MONTREAL - In what is considered a world first, Melanie Boivin has donated her eggs to her daughter who is sterile because of a genetic condition called Turner's syndrome.
The Montreal lawyer's eggs are to be frozen until her seven-year-old daughter, Flavie, becomes of age to bear a child through in-vitro fertilization.
If Flavie has a daughter from one of these eggs the baby will have a grandmother who is also her mother. This opens up all sorts of possibilities. Suppose a woman gave birth to a daughter from eggs donated from her great grandmother. The daughter would also be her mom's great aunt.
Kutluk Oktay, a renowned expert in preserving fertility at the Centre for Reproductive Medicine and Infertility at Cornell University in New York, said egg-freezing technology has "changed drastically in the last couple of years and is now being seen as the next breakthrough in reproductive medicine."
"The procedure will be seen as an established part of fertility care . . . within the next five years," he predicted.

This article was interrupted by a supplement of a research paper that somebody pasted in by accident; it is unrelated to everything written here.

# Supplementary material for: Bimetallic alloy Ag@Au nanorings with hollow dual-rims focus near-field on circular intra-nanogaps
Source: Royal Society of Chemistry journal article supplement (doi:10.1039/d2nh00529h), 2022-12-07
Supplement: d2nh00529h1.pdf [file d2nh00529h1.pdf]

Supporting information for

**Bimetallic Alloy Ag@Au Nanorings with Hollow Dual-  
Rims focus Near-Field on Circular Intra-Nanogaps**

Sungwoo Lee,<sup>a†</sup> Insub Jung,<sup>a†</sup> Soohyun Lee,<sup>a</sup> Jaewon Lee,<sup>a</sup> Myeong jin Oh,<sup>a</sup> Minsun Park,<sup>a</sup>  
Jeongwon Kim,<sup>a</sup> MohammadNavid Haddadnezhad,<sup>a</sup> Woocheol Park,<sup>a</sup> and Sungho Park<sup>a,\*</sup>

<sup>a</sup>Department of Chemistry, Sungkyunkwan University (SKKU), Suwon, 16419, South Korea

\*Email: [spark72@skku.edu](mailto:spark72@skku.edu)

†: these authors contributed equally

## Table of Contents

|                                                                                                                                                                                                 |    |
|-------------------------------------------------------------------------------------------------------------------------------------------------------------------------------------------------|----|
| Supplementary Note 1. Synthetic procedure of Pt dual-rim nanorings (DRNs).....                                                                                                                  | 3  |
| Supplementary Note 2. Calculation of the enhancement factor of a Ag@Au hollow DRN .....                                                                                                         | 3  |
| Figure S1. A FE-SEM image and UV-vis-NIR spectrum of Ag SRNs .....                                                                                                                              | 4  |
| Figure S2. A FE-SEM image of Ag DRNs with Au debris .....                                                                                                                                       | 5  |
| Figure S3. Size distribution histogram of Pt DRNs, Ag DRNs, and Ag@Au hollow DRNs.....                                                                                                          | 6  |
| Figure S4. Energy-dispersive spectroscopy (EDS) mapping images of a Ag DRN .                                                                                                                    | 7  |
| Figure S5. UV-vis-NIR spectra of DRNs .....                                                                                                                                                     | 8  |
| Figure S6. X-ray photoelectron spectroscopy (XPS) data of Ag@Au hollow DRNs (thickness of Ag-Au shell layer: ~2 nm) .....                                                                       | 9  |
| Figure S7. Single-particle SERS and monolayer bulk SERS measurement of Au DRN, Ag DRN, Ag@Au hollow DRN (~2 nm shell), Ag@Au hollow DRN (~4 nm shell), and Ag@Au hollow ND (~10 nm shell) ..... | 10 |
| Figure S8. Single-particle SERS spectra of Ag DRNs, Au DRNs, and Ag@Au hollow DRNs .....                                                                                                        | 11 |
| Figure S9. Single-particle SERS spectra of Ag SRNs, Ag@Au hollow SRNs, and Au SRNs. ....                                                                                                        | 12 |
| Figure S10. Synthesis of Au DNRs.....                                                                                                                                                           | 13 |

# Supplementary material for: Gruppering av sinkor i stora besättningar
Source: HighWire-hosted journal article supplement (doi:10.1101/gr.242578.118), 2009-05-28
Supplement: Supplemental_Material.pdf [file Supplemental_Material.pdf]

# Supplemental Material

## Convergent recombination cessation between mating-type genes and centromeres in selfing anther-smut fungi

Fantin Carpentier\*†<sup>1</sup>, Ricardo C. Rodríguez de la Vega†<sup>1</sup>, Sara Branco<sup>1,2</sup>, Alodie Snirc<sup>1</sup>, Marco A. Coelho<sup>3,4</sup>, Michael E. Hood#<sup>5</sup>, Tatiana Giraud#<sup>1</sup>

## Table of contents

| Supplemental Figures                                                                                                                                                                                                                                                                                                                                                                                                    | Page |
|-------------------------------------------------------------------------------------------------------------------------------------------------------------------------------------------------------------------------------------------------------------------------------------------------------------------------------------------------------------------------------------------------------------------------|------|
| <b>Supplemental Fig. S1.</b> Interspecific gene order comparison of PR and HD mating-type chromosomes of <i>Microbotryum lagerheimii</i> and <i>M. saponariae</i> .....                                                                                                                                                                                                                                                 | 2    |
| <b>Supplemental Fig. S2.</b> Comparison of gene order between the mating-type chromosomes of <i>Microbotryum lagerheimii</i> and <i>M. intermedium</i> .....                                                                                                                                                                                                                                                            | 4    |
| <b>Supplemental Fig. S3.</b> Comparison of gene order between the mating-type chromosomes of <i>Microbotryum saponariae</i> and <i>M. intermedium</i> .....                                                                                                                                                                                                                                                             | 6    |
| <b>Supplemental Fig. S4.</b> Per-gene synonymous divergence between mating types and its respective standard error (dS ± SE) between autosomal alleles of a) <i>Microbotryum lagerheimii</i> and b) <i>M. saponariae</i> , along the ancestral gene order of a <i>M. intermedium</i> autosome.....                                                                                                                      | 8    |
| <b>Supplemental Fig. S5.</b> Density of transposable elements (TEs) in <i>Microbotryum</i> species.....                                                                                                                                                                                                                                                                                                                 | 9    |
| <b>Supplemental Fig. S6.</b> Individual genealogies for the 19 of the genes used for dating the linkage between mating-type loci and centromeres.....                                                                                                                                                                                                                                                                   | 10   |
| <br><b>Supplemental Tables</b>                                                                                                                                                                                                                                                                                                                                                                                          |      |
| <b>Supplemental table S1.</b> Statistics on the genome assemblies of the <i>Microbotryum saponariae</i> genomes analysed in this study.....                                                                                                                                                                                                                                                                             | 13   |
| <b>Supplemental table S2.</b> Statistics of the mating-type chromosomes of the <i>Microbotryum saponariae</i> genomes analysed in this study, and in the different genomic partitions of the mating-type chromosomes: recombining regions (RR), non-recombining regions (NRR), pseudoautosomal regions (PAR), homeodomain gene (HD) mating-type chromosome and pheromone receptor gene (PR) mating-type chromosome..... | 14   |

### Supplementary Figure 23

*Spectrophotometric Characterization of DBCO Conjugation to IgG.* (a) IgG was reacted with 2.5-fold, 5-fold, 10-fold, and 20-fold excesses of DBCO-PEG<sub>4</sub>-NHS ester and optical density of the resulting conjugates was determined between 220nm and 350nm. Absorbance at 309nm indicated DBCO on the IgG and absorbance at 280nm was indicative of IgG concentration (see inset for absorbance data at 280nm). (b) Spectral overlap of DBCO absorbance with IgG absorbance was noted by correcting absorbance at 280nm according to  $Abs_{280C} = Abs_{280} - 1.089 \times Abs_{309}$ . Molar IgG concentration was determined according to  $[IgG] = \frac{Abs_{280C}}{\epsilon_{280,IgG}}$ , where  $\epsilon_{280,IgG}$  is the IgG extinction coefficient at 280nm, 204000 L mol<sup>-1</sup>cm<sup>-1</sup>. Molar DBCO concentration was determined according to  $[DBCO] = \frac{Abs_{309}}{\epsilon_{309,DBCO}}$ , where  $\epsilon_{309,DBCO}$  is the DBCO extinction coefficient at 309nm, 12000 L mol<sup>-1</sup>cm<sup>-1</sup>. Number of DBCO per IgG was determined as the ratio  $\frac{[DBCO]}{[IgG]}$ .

Although questions remain around which method of freezing eggs is best, Dr. Oktay said McGill's fast-freezing technique -- known as vitrification -- "looks extremely promising."
Egg-freezing will become even more popular for women who want to assure that they still have viable eggs when they are able to afford the time to raise children. A woman pursuing a career and unable to find Mr. Right could put off children until her 40s by using frozen eggs she put away while still in her 20s.
I consider this all pretty small stuff compared to embryo genetic engineering. Imagine a woman deciding to build an embryo using chromosomes taken from 5 different men. Each man might carry some chromosome that has a genetic trait she wants. Or she might solicit all her girlfriends to chip in a chromosome or two. Get blue eyes and pretty face from Kathy, resistance to depression and stress from the indomitable Sally, and a sharp mind from Sue.
The ability to select individual chromosomes and assemble them together into an egg, sperm, or embryo will break the link between parenthood and parental genetic endowment. Add in the ability to modify genetic sequences and the rate of human evolution will skyrocket. Your guess is as good as mind on the question of where this will all lead.
|Share |||Randall Parker, 2007 April 21 02:08 PM Bioethics Reproduction|